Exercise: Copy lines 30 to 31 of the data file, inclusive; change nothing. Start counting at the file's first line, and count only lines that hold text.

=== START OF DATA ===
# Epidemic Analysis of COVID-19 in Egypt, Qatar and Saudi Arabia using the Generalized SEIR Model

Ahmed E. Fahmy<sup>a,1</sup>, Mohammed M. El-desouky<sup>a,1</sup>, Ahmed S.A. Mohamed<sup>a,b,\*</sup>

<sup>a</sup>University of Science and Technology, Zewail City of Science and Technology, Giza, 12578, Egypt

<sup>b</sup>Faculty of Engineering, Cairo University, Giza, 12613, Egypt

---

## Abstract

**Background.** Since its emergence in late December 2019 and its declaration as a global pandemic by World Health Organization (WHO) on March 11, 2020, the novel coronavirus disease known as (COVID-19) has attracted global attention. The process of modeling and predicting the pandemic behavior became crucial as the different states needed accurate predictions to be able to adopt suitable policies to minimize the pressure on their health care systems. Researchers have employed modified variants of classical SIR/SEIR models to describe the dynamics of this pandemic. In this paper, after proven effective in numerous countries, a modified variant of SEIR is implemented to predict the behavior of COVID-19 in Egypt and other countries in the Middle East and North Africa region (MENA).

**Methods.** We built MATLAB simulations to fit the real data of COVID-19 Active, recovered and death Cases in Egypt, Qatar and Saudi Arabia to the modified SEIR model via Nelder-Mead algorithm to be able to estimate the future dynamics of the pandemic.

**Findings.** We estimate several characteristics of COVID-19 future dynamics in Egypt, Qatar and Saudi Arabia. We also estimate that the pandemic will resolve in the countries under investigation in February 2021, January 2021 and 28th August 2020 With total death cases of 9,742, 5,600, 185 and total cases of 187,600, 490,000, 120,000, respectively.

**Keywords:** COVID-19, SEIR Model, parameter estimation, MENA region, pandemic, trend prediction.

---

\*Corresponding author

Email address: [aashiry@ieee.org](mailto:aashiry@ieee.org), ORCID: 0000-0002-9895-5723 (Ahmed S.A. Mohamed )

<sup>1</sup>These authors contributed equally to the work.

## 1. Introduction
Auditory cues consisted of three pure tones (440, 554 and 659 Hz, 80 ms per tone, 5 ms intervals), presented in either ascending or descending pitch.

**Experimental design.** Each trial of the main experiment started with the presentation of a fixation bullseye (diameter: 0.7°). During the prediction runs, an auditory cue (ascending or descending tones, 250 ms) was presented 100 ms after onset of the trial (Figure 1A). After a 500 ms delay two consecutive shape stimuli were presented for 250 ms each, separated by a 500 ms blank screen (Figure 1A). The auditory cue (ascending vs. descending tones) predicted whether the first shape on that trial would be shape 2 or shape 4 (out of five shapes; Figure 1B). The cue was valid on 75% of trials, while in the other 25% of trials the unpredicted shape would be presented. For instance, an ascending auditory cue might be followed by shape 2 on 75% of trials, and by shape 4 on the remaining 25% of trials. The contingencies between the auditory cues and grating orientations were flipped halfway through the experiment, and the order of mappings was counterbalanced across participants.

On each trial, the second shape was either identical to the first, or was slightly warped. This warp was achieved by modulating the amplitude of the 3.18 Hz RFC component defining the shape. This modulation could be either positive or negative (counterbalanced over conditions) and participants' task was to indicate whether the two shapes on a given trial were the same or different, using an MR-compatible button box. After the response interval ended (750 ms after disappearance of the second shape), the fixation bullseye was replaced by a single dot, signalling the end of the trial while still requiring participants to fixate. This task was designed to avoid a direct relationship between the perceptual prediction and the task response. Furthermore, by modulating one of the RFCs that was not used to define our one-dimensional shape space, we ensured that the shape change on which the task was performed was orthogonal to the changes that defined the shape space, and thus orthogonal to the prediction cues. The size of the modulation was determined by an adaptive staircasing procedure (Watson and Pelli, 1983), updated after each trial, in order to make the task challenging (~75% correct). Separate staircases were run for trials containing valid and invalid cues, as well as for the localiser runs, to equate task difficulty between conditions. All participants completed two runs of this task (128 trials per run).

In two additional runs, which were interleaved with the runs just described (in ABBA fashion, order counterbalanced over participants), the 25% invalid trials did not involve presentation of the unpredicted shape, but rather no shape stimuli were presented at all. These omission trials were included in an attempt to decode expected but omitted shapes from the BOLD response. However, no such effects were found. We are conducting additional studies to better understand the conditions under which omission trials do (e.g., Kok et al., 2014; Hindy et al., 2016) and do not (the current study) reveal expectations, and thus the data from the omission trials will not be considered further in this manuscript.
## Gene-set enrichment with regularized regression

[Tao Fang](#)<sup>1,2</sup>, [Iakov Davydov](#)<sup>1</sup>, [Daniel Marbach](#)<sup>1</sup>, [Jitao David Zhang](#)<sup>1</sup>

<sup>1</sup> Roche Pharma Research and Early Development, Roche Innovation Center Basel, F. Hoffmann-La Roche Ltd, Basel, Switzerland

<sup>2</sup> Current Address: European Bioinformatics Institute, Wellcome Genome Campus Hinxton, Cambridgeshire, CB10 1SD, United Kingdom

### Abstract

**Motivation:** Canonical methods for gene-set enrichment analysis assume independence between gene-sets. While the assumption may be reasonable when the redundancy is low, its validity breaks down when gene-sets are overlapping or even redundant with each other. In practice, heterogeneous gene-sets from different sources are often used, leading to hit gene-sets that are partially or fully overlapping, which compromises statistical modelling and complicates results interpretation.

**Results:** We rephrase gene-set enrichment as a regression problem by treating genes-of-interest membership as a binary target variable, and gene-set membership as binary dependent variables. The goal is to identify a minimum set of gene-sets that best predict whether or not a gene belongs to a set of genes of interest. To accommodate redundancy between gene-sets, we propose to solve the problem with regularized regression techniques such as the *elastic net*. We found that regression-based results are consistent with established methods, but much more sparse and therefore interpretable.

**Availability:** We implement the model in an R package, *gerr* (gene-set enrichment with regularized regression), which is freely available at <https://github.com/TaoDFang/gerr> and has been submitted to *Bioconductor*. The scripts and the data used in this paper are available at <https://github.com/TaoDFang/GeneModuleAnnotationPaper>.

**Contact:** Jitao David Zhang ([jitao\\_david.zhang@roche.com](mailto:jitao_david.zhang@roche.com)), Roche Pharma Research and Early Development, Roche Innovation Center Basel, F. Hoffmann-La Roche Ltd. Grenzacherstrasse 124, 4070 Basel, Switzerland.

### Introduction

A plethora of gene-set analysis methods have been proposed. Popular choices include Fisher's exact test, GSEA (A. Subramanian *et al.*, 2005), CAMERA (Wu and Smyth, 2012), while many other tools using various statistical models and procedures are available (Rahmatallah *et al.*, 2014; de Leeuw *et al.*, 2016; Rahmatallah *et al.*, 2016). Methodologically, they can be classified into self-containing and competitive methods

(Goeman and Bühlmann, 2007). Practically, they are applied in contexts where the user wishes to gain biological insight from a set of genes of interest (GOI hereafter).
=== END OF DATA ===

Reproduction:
A plethora of gene-set analysis methods have been proposed. Popular choices include Fisher's exact test, GSEA (A. Subramanian *et al.*, 2005), CAMERA (Wu and Smyth, 2012), while many other tools using various statistical models and procedures are available (Rahmatallah *et al.*, 2014; de Leeuw *et al.*, 2016; Rahmatallah *et al.*, 2016). Methodologically, they can be classified into self-containing and competitive methods

(Goeman and Bühlmann, 2007). Practically, they are applied in contexts where the user wishes to gain biological insight from a set of genes of interest (GOI hereafter).